Answer: Level 3 charging is one level higher than level 2 charging. Level 2 Charging is AC while level 3 is DC.
According to the SAE, level 3 charging doesn’t imply DC. It can be either AC or DC.
“Levels” are indicative of the charging power. The higher the level the higher the power whether it is AC or DC.
Most people refer to AC EVSE’s (Electric Vehicle Service equipment) as “chargers” but technically they are not chargers.
The charger is actually on board the vehicle. The on-board vehicle charger converts AC current to DC current since electric vehicle batteries are DC. The EVSE is the little box on the wall of your garage (generally 240 volts), or the portable unit that lives in the trunk of your car (generally 120 volts).
These EVSEs are an intermediary between your vehicle and the outlet in your home. The EVSE “talks” to your car and determines things such as what the maximum charging power the car will take and whether there is proper grounding.
Getting back to charging levels, there are no SAE level 3 charging specifications defined. Level 3 is TBD (to be determined).
The following SAE chart is a great reference for the details of all the different AC and DC charging levels.
The maximum power level for each level is summarized in the following chart.
AC chargers generally use household AC power (either 120 volt or 240 volt). Level 1 AC is 120 volt and level 2 is 240 volt. The maximum power you can get with a level 1 charger is 1.9 kilowats. That is the power you will get from your portable 120-volt AC EVSE. It is set by the maximum current available out of a 20 amp 120-volt wall outlet.
Stepping up to level 2 AC charging, we are at 240 volts and a maximum of 19.4 kw which corresponds to 80 amps. Most plug-in hybrids will accept level 1 or level 2 AC – not level 3.
The Chevy Volt’s AC on-board charger is 3.3 kw level 2. The Chevy Spark EV’s level 2 charger is also 3.3 kw while the Nissan Leaf is 6.6 kw. Note that these vehicles are not pushing to the high end of level 2. The high end of AC Level 2 (19.2 kw) is usually for a pure battery electric vehicle like a Tesla.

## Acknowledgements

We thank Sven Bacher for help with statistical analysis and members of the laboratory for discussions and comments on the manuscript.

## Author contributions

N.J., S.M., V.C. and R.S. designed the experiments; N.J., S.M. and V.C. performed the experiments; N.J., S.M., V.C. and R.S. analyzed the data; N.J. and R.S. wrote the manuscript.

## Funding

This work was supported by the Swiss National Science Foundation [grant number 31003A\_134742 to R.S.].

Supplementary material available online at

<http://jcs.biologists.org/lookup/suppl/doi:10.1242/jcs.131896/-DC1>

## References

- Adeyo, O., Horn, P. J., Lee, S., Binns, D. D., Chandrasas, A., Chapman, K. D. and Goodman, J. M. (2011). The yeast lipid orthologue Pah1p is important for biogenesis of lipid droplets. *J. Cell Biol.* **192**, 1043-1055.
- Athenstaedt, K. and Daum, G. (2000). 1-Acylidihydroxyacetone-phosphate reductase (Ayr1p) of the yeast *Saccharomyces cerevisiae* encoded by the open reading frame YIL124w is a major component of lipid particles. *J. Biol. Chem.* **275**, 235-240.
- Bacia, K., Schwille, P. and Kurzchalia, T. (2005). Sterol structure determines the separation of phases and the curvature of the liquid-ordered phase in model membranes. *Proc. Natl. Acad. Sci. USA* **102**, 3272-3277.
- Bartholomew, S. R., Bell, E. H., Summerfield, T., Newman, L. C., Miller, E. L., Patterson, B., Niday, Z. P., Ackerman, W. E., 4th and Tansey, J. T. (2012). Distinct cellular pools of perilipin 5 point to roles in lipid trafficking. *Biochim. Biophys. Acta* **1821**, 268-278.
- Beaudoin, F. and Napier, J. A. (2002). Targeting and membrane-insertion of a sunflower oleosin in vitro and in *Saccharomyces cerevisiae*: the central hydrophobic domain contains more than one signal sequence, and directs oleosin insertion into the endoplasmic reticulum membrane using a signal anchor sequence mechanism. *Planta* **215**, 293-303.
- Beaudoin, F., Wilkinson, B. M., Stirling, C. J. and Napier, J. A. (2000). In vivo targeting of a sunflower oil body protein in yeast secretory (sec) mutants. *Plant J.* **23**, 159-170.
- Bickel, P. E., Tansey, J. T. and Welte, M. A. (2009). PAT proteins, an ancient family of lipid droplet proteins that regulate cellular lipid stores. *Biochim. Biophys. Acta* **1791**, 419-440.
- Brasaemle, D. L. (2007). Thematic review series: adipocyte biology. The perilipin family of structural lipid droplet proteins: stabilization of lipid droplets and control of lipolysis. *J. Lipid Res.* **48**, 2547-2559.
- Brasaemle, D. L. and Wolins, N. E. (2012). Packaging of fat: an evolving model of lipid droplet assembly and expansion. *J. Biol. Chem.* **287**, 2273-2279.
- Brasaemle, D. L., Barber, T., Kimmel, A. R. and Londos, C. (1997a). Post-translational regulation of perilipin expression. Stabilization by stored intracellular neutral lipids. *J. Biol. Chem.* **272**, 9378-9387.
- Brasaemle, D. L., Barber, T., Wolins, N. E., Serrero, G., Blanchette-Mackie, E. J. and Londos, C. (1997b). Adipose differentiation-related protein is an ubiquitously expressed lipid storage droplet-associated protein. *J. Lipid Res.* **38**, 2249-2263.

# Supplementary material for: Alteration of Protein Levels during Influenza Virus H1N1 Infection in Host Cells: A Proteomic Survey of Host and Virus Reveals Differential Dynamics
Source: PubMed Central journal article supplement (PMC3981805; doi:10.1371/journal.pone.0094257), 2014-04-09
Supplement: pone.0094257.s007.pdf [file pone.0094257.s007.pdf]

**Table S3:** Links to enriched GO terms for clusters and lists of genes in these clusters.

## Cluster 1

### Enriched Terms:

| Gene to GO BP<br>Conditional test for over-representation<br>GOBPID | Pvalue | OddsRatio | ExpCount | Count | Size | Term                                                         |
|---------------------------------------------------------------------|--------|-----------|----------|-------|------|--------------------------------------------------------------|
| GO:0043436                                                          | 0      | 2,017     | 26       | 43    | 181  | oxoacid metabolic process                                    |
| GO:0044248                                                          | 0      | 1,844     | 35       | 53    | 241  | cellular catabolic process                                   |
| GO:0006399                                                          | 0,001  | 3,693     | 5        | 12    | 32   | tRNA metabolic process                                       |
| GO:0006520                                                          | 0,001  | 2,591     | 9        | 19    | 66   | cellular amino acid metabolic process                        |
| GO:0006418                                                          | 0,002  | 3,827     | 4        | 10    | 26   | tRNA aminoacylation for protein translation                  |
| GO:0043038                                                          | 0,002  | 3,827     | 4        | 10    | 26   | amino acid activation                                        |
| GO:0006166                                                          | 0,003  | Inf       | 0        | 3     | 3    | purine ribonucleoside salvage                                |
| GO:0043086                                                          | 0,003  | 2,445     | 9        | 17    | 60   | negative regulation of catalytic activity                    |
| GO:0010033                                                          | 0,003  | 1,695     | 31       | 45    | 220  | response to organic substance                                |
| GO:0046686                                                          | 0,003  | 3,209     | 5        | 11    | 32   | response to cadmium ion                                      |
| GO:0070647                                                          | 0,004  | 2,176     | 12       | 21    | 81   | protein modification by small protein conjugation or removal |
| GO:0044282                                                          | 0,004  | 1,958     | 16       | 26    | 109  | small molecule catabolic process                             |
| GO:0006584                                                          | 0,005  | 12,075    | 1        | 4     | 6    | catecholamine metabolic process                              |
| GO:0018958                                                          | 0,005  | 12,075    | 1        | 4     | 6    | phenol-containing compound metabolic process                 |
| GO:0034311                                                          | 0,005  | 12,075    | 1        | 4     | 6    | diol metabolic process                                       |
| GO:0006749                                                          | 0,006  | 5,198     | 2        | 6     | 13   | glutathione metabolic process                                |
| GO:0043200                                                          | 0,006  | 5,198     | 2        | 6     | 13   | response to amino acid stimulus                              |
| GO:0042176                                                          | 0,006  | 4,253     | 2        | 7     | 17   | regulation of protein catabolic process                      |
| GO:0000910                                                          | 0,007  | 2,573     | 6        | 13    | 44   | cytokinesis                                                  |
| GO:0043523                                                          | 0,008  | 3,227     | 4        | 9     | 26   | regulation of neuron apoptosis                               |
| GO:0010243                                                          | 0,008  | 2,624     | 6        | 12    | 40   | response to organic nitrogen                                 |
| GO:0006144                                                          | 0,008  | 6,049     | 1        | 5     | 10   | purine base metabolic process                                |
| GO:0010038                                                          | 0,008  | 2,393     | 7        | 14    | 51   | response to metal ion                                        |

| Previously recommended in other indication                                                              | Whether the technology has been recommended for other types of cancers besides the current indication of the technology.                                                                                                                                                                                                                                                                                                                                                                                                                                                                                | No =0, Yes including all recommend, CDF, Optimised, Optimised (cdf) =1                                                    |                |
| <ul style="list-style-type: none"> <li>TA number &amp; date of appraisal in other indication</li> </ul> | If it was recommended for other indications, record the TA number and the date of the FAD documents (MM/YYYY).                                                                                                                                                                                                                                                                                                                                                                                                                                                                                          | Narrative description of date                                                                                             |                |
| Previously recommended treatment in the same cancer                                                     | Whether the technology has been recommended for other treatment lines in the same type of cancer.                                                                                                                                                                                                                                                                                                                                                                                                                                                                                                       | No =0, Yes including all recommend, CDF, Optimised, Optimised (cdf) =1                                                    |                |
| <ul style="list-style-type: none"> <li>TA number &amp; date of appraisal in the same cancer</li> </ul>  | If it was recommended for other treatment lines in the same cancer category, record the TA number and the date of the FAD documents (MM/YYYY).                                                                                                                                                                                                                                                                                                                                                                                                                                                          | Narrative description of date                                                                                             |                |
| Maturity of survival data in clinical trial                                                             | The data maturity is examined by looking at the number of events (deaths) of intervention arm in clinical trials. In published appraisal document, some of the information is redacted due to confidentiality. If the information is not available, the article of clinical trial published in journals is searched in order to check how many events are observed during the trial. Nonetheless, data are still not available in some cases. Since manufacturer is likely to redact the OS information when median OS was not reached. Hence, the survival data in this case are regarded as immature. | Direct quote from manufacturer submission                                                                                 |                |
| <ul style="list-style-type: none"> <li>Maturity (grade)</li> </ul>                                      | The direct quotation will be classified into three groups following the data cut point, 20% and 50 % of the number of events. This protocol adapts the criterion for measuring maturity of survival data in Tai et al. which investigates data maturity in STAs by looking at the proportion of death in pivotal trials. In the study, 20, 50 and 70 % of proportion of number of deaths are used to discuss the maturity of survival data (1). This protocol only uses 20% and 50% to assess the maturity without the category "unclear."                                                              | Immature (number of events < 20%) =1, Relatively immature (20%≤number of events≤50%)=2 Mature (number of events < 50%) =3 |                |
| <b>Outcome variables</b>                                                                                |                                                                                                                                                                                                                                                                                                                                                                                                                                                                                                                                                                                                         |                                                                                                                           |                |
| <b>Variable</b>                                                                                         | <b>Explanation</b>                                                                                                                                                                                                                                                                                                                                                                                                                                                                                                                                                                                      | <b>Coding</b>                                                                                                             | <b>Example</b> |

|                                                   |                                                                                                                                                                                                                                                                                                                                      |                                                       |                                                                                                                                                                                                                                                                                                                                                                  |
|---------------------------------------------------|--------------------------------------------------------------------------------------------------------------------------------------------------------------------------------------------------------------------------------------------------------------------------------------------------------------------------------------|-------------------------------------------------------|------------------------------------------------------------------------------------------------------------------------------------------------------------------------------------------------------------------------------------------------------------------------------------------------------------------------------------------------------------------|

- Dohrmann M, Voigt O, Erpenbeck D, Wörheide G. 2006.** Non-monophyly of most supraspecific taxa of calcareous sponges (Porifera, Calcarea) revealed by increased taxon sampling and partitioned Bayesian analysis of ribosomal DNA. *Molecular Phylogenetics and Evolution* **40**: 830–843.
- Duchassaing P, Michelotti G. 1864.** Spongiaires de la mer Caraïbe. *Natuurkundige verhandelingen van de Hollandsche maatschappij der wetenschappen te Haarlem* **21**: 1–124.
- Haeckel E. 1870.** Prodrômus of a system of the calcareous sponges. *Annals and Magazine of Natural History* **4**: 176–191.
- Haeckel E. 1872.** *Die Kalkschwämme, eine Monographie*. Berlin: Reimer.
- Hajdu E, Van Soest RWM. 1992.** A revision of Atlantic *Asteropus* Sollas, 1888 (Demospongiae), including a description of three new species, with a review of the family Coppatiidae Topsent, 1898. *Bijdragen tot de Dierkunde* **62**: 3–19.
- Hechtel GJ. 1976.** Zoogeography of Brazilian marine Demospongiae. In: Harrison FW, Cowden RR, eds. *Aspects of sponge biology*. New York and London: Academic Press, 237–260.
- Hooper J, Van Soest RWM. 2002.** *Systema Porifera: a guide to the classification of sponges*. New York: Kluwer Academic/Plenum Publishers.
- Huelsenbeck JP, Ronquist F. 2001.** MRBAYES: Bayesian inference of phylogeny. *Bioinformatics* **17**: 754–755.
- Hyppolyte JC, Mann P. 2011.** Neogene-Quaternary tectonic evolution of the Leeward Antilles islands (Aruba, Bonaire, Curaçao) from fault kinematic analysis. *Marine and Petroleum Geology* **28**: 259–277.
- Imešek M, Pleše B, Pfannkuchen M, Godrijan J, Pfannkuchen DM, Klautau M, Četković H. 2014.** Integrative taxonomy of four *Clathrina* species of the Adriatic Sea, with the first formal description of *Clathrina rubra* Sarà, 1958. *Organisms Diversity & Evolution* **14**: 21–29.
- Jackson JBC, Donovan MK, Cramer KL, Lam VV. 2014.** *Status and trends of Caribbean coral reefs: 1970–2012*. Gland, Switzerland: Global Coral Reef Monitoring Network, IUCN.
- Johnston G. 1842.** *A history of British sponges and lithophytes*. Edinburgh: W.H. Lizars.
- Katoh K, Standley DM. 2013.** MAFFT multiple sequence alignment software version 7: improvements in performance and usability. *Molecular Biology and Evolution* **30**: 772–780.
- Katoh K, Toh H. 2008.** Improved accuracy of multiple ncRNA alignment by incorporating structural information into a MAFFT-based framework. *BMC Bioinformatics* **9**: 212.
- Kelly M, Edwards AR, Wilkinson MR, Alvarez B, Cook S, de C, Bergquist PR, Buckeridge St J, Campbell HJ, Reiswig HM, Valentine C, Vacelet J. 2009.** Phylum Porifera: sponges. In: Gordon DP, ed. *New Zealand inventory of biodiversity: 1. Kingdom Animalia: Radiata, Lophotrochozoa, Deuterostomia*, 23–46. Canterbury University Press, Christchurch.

There is a level 3 AC category which would be higher than the level 2 maximum of 19.2 kw but this category is currently undefined.
DC chargers do not reside in the vehicle as AC chargers do. The charger is contained in the large cabinet to which the charging cord is attached. Level 1 DC goes to a maximum of 36 kw. Level 2 DC goes to a maximum of 90 kw.
Currently level 2 DC is the highest level defined by SAE specification at 90 kw. Anything higher than 90 kw falls into level 3 which is TBD. However the preliminary upper limit is 240 kw.
That’s a lot of power.
What vehicles have the highest charging power capability?
Tesla holds the lead in high power charging at 120 kw. However some of the earlier Tesla Model S cars can only take around 90-100 kw. These are known as “a” battery cars. Model S examples that can take the full 120 kw are “b” battery cars. The “a” and “b” ratings can be found on the battery pack behind the front wheel of the car (take note also if you are planning to buy a used one).
Tesla’s lead in high power charging is being challenged however. Audi has announced 150-kw charging and aligned itself with some other German manufacturers to install a super charging network in the United States. The group is called the “Charging Interface Initiative Association” (CharIN).
Audi has announced the e-tron Quatro concept that will enter production in 2018. This will be Audi’s Tesla competitor with high power all electric front and rear wheel motors, competitive range with the Tesla, acceleration competitive with Tesla and interior room of an SUV.